Aside from the infotainment screen, equipment is best described as basic. While automatic climate control is standard on all Mavericks, heated seats aren’t available on the base trim and are bundled in a $3,150 option package on the XLT trim. For that sort of money, you better get some extremely heated seats. Sure enough, the Maverick delivers with three settings: toasty, roasty and “I think I hear something boiling.” The available heated steering wheel gets properly warm too, signaling the Maverick’s readiness for Canadian winters.

Figure you don’t need heated seats and are willing to save money with the base model? Go right ahead, assuming you’re willing to forgo cruise control. Yes, cruise control. Not adaptive cruise control but regular old set-and-forget cruise control. What the heck, Ford? Thankfully, the standard six-speaker stereo is decidedly not terrible for the money and a sunroof is still optional on the base XL trim for thrifty sun-seekers.

Part of the Maverick’s appeal is the standard hybrid powertrain. The utility of a ute, the fuel economy of a compact sedan, what could possibly go wrong? Well, you could buy one with a hybrid powertrain, but you won’t be able to for a while. It’s sold out like a Supreme drop, order books won’t re-open until mid-2022. Hey, if the only thing going wrong is underestimating demand, that’s a good sign. Instead, my test truck came with the familiar 2.0-litre turbocharged four-cylinder engine paired to an eight-speed automatic gearbox and all-wheel-drive. Paired with the shorter final drive ratio of the FX4 off-road package, it’s a gutsy, torquey lump with refinement that’s belied by its shaken-marbles cold idle.

City acceleration is quite brisk but the headway tapers off towards highway speeds, likely due to a one-two punch of upright aerodynamics and a power curve that falls off at the top end. A mild disappointment is that the Bronco Sport’s optional torque-vectoring rear differential is unavailable on the Maverick. While a future off-road focused trim for those who like to really party would be neat, even neater would be a hi-po street truck. Bung in the 2.3-litre turbo, six-speed and vectoring rear diff from the old Focus RS, drop it low enough to be SCCA-legal and fit sticky 200-treadwear rubber.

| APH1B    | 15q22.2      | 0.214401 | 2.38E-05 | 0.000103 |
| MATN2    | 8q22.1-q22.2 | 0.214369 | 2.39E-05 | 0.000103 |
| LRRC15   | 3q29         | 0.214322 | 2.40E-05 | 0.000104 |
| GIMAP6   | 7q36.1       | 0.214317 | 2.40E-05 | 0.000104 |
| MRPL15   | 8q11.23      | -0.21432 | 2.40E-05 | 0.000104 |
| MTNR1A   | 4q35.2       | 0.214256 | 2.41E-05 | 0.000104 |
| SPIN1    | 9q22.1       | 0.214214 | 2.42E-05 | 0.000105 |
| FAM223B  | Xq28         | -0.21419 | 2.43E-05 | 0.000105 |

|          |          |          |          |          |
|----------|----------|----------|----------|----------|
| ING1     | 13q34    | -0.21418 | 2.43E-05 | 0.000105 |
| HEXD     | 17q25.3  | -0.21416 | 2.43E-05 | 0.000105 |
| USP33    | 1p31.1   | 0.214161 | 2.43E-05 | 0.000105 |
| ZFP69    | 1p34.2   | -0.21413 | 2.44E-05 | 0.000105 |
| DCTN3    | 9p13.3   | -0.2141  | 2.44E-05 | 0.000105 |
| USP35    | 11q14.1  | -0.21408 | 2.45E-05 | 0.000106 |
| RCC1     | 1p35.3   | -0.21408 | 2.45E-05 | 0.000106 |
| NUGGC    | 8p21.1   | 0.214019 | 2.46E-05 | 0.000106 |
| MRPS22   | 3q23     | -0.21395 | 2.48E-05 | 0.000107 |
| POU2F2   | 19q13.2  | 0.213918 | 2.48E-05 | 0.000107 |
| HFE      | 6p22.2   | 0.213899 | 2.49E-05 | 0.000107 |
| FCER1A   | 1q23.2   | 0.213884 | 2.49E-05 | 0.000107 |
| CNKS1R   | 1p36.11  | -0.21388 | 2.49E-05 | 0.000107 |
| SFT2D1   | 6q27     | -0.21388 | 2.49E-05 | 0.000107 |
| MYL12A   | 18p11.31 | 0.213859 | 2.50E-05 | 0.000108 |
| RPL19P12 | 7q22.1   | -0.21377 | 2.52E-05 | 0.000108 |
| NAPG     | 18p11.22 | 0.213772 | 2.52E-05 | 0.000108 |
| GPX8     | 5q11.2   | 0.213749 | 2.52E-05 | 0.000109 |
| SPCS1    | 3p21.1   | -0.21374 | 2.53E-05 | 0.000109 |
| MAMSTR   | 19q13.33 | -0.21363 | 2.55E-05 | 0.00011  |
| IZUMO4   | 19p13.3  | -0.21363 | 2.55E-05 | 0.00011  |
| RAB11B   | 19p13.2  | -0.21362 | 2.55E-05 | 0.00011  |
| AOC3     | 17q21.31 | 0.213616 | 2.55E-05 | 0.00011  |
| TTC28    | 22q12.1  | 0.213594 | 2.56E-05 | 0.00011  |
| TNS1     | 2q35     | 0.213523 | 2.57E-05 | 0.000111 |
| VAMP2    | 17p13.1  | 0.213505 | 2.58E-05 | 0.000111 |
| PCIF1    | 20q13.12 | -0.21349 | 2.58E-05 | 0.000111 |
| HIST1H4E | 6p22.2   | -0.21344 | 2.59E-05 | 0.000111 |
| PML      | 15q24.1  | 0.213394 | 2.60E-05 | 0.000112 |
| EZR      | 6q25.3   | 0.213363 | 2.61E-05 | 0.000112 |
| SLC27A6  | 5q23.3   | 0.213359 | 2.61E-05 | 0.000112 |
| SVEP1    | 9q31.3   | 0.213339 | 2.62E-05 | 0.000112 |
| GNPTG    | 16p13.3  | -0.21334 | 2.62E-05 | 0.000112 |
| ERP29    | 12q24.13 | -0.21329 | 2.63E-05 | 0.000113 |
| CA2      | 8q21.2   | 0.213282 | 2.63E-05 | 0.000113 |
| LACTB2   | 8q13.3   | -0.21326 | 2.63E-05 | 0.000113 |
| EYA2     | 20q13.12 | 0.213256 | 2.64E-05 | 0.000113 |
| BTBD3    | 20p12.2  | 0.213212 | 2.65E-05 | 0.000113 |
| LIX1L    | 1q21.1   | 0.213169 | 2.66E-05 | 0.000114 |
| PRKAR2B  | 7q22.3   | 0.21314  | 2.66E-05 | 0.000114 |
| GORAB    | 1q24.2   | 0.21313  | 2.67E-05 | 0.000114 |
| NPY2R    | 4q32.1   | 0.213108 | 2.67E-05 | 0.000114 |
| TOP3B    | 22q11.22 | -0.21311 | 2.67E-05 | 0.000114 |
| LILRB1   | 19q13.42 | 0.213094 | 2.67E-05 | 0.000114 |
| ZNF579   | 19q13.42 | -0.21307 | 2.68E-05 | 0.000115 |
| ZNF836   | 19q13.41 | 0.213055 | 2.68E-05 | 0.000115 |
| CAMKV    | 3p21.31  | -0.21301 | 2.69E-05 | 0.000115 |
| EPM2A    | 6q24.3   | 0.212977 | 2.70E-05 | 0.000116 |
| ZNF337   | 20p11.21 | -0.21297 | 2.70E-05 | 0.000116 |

Of course, the urban advantages of the Maverick become obvious as soon as you enter a crowded parking lot. This thing is easier to wield than a kitchen knife and practically made for slicing and dicing through tight scenarios. It’s so good at it, it’ll have the Slap Chop guy quaking in his boots. The Maverick’s turning circle belies its length and front-drive-based architecture while phenomenal visibility ensures it’s easy to place. Out on the road, the long wheelbase does a great job of soaking up potholes and frost heaves, yet it’s not quite as refined as the Hyundai Santa Cruz. Road noise is nicely hushed though, even on noisy winter tires.

A previous hallmark of compact trucks has been affordability and Ford are sticking to tradition with the Maverick. From the $25,900 base XL trim to my mid-range XLT tester optioned up to the high 30s to a fully-loaded Lariat in the 40s, there’s a Maverick for everyone. A young urban couple who likes to go camping might go for the XL AWD.

A suburban family who’s really into DIY projects would love a Lariat with all the trimmings. My mum, who’s been wanting a small truck with four doors for a long time, might go for the XLT Hybrid when order banks open back up. While the Hyundai Santa Cruz is quicker and more refined, it starts at $38,499. That’s a big price delta that some consumers just won’t be willing to pay.

With its approachable design, flexible powertrain options, great entry price and wide array of options, the 2022 Ford Maverick XLT 4WD is the all-things-to-all-people hit that Ford needed. The next phase in automotive excitement isn’t speed. It’s hackable, utilitarian, electrified minimalism. A true compact workhorse that’s down for pretty much everything life throws at it. After all, fun isn’t just what you get out of a vehicle, it’s what you put into it.

See Also:

2022 Hyundai Santa Cruz

2021 Ford Ranger Tremor

2021 Chevrolet Colorado ZR2

Vehicle Specs
Engine Size
Horsepower (at RPM)
Torque (lb-ft.)
Fuel Efficiency (L/100km, City/Highway/Combined)
Observed Fuel Efficiency (L/100km)
Cargo Capacity (in L)
Base Price (CAD)
As-Tested Price (CAD)
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About Thomas Hundal

A passionate car enthusiast through and through, Thomas started an internship with DoubleClutch.ca Magazine while pursuing journalism at Niagara College. He can rattle off little-known facts about some of the most obscure vehicles on the road and enjoys putting his thoughts into words.